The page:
Hershey, Pennsylvania, United States
Hushed hum of voices. Open, dimly lit room. Slit lamps gliding, knobs turning, lenses gently flashing. Clinical officers hard at work, diagnosing, assessing, treating.
I am seated beside the attending, a retina specialist. Together, we have been seeing his patients, who have had a remarkable array of corneal transplants, tube shunts, and muscle alignment surgery. These procedures are valuable anywhere, but maybe especially here—a place where clocks and calendars are overrated and communal chai predictably slows the morning. Here the temperate highland climate nourishes sprawling emerald tea fields, radiant patchwork quilts draped over rolling mountains. Most patients live in mud or tin huts but somehow manage to scrape together fifty shillings to visit the eye daktari, evidence of the trust this hospital holds among its neighbors, the Kalenjin, inhabitants of the highlands of Kenya’s Great Rift Valley.
“Look up. Angalia juu. Down, chini. Straight ahead, mbele. Good, your allergies are improving. Keep up your current medication and follow up in three months. Next!”
A father and two boys walk in. The older child looks to be around seven years old, the younger not more than five. Is that a limp? My attending’s brow furrows. “I remember these two.”
As they approach, the older boy stows his crutches and negotiates the precipitous transfer from father to armrest, fumbling slightly before sliding into the exam chair. I look down. His scarred and misshapen lower limbs twist unnaturally, like a doll when its joints are overmanipulated.
“They’re brothers,” my attending explains. “A few months back, they were playing in a field and found a metal object. Curiosity got the best of them, and they picked it up.” He hesitates, glancing at the boy still seated calmly in the chair. “Or tried to.”
“And?” I ask.
I swallow hard and try to keep from picturing the scene.
“Apparently, there were military drills in the area, and a grenade hadn’t detonated. I don’t quite understand how they survived. They have already had the ocular shrapnel removed. It took me nearly an hour each, can’t imagine what it took for plastics. No globe penetration, except for his left,” motioning to the younger child, “which we had to remove.”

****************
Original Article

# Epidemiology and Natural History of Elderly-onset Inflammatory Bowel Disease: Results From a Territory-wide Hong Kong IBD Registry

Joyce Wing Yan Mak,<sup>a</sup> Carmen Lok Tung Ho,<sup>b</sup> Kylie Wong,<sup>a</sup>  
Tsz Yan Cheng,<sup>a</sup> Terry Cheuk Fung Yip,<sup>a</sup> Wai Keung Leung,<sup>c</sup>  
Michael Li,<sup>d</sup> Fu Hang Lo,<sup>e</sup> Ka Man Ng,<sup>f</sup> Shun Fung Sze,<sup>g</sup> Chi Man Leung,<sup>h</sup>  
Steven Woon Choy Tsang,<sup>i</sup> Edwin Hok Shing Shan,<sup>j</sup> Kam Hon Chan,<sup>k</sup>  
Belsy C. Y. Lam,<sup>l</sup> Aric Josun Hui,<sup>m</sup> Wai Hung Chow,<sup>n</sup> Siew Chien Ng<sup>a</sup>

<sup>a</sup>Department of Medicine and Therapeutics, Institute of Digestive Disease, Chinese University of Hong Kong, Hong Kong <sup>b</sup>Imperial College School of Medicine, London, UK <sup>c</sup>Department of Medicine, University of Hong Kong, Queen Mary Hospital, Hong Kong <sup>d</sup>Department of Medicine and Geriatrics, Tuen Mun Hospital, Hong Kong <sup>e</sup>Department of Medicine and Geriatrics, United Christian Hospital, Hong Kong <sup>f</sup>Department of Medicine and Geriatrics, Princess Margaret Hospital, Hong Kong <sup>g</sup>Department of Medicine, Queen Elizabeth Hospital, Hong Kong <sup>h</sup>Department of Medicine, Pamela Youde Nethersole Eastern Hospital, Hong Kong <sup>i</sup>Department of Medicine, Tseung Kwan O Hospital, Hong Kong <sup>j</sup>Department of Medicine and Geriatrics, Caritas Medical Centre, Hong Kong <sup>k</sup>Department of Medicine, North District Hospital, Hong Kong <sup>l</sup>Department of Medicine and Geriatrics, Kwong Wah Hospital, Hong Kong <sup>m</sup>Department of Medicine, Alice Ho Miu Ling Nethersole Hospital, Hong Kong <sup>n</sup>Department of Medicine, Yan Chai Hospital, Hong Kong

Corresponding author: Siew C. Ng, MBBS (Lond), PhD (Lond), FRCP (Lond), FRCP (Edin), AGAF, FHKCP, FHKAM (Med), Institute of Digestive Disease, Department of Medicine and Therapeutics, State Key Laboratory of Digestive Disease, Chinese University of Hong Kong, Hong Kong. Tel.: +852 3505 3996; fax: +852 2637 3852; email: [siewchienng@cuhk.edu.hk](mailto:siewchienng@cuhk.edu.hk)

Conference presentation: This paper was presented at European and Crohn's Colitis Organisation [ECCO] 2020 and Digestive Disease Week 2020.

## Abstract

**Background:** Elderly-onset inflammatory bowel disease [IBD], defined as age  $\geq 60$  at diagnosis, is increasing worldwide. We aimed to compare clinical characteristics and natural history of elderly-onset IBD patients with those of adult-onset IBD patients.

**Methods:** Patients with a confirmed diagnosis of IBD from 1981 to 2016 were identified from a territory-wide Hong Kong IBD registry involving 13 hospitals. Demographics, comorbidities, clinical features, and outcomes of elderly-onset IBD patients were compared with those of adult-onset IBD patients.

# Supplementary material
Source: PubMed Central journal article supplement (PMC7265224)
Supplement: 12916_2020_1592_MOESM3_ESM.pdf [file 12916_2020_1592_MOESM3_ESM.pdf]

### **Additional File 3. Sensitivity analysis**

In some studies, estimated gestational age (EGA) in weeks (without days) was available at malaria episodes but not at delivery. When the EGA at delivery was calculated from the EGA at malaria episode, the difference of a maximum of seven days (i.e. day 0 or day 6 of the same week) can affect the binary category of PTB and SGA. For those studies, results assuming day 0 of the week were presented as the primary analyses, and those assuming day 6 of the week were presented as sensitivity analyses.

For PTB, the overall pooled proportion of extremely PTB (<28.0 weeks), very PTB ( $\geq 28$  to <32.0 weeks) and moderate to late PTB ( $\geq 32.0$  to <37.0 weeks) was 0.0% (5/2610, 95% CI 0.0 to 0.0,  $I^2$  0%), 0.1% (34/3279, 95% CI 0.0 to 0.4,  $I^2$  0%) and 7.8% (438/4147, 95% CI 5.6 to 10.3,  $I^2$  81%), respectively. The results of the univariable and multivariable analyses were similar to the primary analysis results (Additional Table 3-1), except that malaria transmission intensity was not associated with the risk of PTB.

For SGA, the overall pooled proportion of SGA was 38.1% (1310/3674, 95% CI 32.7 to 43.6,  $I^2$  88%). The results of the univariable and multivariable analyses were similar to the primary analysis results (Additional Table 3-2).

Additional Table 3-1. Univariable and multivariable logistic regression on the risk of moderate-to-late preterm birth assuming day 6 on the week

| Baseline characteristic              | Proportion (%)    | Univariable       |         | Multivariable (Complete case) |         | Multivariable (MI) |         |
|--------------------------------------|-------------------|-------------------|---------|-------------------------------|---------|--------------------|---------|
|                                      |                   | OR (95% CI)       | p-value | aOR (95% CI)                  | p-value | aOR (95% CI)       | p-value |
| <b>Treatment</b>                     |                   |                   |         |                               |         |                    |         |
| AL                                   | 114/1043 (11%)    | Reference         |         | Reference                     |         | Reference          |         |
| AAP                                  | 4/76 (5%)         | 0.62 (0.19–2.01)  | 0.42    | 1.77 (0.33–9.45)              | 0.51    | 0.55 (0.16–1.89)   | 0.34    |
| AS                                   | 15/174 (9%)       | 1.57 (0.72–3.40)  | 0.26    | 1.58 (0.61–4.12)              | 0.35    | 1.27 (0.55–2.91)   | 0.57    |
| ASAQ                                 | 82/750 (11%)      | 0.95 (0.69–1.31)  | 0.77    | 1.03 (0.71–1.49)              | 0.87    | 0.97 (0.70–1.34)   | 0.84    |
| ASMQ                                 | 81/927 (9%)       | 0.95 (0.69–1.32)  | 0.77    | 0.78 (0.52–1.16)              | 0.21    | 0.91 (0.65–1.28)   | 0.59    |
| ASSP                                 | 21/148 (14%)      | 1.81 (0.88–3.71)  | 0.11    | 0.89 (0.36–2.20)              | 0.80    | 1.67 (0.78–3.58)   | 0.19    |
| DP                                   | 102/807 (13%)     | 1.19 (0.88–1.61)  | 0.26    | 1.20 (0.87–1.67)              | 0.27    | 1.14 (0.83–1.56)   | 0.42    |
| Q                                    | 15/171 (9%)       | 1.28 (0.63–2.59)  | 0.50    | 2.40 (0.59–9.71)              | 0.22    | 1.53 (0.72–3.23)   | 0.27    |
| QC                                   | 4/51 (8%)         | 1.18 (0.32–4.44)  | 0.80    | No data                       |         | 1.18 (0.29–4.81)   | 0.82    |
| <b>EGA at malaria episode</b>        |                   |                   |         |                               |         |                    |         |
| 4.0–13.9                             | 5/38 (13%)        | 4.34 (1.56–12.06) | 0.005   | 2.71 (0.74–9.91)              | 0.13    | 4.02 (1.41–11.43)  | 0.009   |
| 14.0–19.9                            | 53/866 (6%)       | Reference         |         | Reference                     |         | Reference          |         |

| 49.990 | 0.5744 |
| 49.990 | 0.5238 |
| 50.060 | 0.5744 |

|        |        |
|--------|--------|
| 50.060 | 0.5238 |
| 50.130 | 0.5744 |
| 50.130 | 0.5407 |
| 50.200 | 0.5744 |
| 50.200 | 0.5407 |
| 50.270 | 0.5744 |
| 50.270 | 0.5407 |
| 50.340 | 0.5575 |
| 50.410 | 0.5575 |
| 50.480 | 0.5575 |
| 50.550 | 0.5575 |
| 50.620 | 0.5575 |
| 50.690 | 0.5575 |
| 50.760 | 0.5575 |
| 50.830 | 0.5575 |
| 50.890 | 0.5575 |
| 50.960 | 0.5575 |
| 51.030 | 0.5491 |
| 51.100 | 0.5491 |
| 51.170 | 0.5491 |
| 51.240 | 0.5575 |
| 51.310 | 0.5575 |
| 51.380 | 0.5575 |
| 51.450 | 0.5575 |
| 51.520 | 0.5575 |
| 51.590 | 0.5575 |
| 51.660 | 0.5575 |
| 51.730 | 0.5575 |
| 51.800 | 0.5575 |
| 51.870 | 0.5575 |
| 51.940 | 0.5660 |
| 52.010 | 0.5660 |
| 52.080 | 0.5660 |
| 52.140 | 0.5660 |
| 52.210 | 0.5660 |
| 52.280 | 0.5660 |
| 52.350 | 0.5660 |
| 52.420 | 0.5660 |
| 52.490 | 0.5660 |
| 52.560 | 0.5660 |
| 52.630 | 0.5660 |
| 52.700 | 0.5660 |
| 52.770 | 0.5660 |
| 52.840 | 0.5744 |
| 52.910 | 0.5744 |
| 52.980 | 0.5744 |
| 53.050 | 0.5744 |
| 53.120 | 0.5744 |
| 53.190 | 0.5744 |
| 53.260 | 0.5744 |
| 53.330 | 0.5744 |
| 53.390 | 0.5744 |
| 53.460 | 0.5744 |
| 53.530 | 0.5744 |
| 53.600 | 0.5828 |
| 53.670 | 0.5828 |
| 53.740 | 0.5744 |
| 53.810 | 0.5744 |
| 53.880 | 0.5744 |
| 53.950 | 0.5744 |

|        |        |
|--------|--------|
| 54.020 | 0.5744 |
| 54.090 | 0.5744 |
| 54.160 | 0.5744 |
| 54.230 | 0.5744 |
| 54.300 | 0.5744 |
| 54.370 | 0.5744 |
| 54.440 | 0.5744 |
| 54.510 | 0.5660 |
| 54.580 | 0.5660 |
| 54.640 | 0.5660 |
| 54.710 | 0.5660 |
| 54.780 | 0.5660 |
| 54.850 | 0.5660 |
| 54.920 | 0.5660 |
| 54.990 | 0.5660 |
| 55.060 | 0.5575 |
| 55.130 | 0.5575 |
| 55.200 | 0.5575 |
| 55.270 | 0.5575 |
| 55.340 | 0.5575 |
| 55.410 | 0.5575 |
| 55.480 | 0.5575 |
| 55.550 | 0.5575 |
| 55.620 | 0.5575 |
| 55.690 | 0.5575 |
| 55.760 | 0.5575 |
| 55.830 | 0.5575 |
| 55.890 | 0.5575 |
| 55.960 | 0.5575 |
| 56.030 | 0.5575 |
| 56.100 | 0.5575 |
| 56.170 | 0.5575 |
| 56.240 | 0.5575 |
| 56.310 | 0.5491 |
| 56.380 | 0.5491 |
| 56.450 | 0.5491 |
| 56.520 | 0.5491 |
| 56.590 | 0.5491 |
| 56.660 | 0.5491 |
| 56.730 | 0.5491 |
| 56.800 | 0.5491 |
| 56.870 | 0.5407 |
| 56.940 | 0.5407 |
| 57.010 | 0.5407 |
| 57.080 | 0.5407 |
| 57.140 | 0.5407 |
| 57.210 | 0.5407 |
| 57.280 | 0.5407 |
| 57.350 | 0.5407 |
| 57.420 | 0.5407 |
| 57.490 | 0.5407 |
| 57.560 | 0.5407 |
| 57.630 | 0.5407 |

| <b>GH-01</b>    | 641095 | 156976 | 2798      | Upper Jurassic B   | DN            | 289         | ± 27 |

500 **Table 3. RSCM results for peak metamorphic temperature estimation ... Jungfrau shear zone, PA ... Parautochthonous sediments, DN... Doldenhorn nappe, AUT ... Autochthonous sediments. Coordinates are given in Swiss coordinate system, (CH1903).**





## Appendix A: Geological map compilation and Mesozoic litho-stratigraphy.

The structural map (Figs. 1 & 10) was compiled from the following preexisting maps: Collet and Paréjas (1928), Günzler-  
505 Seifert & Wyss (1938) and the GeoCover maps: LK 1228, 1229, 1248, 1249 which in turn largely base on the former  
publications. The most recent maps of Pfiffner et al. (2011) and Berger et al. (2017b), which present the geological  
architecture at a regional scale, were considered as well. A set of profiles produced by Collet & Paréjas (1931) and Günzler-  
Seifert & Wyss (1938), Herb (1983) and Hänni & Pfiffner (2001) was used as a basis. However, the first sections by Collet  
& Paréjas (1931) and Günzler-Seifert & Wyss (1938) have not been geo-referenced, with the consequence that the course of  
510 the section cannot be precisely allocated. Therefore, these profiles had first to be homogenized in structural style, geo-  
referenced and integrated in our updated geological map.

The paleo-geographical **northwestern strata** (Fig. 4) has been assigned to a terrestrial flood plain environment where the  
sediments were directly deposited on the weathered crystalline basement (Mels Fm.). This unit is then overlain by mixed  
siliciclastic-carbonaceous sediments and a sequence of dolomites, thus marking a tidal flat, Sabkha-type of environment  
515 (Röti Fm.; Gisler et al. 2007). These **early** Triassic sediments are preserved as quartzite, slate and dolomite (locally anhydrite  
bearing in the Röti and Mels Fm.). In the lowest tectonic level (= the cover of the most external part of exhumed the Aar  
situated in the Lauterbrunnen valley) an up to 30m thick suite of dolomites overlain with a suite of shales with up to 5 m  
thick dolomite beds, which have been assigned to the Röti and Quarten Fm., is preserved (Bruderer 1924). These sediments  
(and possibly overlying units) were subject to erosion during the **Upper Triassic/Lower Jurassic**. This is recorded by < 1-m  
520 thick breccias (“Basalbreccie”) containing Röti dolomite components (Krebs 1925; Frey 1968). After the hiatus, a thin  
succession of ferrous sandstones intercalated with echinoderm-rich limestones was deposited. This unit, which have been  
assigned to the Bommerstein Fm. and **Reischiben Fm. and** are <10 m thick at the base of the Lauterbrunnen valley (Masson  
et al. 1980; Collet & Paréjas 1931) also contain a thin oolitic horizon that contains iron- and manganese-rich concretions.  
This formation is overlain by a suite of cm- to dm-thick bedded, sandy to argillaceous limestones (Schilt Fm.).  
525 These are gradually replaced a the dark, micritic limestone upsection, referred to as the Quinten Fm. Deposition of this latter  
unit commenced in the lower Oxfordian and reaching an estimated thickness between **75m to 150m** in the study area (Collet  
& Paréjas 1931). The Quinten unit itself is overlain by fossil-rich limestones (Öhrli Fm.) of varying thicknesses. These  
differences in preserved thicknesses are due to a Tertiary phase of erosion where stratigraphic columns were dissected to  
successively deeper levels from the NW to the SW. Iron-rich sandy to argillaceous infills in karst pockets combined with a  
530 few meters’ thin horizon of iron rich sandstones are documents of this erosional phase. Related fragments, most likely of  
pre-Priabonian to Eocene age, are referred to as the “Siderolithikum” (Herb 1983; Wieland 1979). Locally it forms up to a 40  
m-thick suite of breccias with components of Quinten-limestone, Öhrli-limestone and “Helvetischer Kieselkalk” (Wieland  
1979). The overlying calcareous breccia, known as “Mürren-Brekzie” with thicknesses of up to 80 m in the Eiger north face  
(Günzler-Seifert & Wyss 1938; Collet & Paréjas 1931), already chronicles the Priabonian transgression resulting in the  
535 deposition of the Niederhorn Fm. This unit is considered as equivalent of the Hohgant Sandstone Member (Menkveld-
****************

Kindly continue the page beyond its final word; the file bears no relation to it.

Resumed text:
I fend off the questions that begin to surface. What was the military doing carrying out drills in civilian territory? Who throws a grenade and forgets when it doesn’t go off? Why do these crazy things seem to only happen here?
“Would you like to perform their exam?”
I bite my lip as discordant waves of dismay and curiosity wash through me. The latter sentiment rallies, and I nod and sink into the chair, swing over the slit lamp. The boy sits forward expectantly. I can see the pockmarked scars scattered across his face, smaller but more numerous than I expected. I wonder what the other kids his age think?
I think of myself as a child, playing in my backyard. What are the chances I would have stumbled upon a military grade explosive? Practically zero. Not even a question. What other parts of these people’s lives am I missing?
“Come forward. Kuja hapa.” I motion with my hand toward the chin rest. He scootches closer, brushes his forehead against the frame and startles backward.
“He doesn’t see well.”
“Right.” A wave of warmth washes over my face. Deep breath. Focus on the patient in front of you.
This time I help guide his head into the frame with my hand. For a second, I almost imagine the faint flicker of a soft forgiving smile, and then it is gone. He opens his eyes wide and looks expectantly out, as if he has done this a thousand times before. I adjust my chair, lean into the eyepiece, and focus the beam.